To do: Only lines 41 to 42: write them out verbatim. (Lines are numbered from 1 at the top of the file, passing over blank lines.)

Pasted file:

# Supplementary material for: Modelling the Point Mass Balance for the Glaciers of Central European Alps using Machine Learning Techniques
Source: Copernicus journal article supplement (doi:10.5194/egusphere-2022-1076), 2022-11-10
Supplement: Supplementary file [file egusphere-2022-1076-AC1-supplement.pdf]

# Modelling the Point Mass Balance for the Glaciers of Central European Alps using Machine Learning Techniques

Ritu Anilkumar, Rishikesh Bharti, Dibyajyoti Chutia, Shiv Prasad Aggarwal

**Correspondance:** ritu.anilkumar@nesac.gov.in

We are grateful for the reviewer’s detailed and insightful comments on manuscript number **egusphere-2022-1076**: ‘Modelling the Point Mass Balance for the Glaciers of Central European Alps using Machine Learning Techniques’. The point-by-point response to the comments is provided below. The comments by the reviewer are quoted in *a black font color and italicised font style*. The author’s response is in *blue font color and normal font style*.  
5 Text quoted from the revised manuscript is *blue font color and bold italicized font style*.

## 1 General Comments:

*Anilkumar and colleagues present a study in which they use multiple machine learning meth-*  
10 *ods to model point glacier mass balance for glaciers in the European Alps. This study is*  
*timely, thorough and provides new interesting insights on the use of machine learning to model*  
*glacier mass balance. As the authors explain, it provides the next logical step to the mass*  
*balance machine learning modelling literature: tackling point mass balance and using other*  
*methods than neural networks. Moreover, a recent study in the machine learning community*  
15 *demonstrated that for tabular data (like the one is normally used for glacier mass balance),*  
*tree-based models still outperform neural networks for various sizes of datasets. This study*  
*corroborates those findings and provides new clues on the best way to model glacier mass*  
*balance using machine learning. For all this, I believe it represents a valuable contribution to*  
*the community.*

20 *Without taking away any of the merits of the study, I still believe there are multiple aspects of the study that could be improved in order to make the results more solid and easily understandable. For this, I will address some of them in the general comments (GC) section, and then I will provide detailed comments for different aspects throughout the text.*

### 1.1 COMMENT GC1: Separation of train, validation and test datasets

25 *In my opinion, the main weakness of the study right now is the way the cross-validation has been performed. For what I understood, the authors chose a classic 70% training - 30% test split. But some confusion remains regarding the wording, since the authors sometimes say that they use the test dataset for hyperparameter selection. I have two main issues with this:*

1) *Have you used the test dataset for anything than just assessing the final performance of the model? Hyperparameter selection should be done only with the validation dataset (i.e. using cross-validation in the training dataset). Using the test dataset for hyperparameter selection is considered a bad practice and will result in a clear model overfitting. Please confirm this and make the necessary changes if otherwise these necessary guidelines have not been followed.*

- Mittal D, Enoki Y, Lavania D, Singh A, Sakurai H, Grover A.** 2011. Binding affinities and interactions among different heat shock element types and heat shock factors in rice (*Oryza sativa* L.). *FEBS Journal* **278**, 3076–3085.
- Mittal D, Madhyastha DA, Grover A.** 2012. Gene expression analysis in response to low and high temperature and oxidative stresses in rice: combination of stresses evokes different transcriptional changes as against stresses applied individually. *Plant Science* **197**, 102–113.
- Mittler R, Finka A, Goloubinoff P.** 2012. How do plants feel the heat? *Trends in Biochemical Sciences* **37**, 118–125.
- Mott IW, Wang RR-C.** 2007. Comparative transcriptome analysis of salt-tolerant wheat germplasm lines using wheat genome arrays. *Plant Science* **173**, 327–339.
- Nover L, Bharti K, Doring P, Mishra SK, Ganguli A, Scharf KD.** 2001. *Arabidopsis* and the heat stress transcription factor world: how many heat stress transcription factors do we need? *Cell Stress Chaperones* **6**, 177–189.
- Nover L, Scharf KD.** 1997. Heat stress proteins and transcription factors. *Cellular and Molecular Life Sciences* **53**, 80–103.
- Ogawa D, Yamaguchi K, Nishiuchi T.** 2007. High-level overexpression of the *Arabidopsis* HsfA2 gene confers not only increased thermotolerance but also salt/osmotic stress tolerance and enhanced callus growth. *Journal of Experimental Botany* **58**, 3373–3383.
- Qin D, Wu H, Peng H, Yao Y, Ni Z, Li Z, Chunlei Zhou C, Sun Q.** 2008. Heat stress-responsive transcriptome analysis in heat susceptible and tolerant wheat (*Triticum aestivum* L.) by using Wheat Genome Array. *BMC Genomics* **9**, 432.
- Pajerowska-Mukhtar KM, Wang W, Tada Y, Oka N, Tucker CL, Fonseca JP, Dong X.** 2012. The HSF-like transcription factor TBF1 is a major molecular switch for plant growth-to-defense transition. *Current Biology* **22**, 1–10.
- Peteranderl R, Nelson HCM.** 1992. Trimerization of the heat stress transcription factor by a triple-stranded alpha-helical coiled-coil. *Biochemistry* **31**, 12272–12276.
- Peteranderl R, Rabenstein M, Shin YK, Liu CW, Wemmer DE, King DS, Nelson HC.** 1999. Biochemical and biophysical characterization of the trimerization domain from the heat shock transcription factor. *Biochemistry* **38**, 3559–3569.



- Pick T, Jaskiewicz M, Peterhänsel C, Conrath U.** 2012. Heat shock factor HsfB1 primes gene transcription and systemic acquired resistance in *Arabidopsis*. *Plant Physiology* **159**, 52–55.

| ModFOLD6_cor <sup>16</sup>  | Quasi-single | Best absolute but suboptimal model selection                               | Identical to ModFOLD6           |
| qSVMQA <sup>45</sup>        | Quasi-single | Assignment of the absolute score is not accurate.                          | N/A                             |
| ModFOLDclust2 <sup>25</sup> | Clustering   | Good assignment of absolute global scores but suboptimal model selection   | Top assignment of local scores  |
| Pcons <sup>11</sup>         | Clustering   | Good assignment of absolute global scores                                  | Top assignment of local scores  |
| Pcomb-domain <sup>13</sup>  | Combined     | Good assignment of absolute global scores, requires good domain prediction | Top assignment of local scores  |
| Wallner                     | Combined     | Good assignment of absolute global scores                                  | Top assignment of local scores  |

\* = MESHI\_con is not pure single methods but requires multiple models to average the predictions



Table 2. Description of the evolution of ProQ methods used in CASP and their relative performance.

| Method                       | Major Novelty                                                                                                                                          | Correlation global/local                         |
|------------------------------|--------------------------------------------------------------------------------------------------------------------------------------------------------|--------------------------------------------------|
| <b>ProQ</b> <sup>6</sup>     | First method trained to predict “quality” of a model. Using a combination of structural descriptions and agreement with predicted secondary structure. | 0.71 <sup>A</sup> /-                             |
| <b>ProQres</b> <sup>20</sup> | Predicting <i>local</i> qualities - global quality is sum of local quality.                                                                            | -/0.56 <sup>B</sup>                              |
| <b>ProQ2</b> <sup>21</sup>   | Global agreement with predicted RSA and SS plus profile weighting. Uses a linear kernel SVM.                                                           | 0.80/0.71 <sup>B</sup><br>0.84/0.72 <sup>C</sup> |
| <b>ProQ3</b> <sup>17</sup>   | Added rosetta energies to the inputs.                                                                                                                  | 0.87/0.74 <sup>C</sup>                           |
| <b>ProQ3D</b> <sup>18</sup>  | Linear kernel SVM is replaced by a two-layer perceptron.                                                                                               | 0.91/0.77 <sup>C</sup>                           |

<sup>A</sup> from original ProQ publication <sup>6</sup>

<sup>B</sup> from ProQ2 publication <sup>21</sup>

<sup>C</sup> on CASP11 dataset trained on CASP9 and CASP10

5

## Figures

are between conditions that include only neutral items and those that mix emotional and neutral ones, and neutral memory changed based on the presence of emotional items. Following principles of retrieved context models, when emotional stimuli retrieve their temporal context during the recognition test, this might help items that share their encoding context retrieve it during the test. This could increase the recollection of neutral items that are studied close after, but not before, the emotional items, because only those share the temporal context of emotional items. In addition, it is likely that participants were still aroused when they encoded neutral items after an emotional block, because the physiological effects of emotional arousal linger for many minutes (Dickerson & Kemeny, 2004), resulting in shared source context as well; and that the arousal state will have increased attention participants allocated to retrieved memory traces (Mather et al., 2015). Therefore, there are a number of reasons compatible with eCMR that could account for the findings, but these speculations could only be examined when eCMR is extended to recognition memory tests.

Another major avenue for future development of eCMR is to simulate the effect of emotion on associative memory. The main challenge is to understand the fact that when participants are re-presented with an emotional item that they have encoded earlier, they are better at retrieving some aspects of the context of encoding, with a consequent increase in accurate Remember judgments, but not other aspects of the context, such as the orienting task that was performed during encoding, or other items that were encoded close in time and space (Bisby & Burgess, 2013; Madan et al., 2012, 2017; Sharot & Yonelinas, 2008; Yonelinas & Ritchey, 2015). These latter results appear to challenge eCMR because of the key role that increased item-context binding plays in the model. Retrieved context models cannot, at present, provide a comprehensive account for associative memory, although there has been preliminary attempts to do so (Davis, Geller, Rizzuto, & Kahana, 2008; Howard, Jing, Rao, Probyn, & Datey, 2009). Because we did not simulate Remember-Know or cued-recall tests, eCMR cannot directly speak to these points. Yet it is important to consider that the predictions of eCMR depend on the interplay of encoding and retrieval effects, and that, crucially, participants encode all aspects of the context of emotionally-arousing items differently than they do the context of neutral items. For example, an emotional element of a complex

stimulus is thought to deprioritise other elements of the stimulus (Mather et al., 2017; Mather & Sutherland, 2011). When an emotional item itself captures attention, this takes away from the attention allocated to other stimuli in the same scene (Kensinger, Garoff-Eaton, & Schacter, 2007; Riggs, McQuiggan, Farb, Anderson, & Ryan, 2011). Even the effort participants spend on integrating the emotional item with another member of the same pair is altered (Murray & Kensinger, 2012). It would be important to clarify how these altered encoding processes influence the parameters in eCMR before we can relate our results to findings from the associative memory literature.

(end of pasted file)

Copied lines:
| Pcomb-domain <sup>13</sup>  | Combined     | Good assignment of absolute global scores, requires good domain prediction | Top assignment of local scores  |
| Wallner                     | Combined     | Good assignment of absolute global scores                                  | Top assignment of local scores  |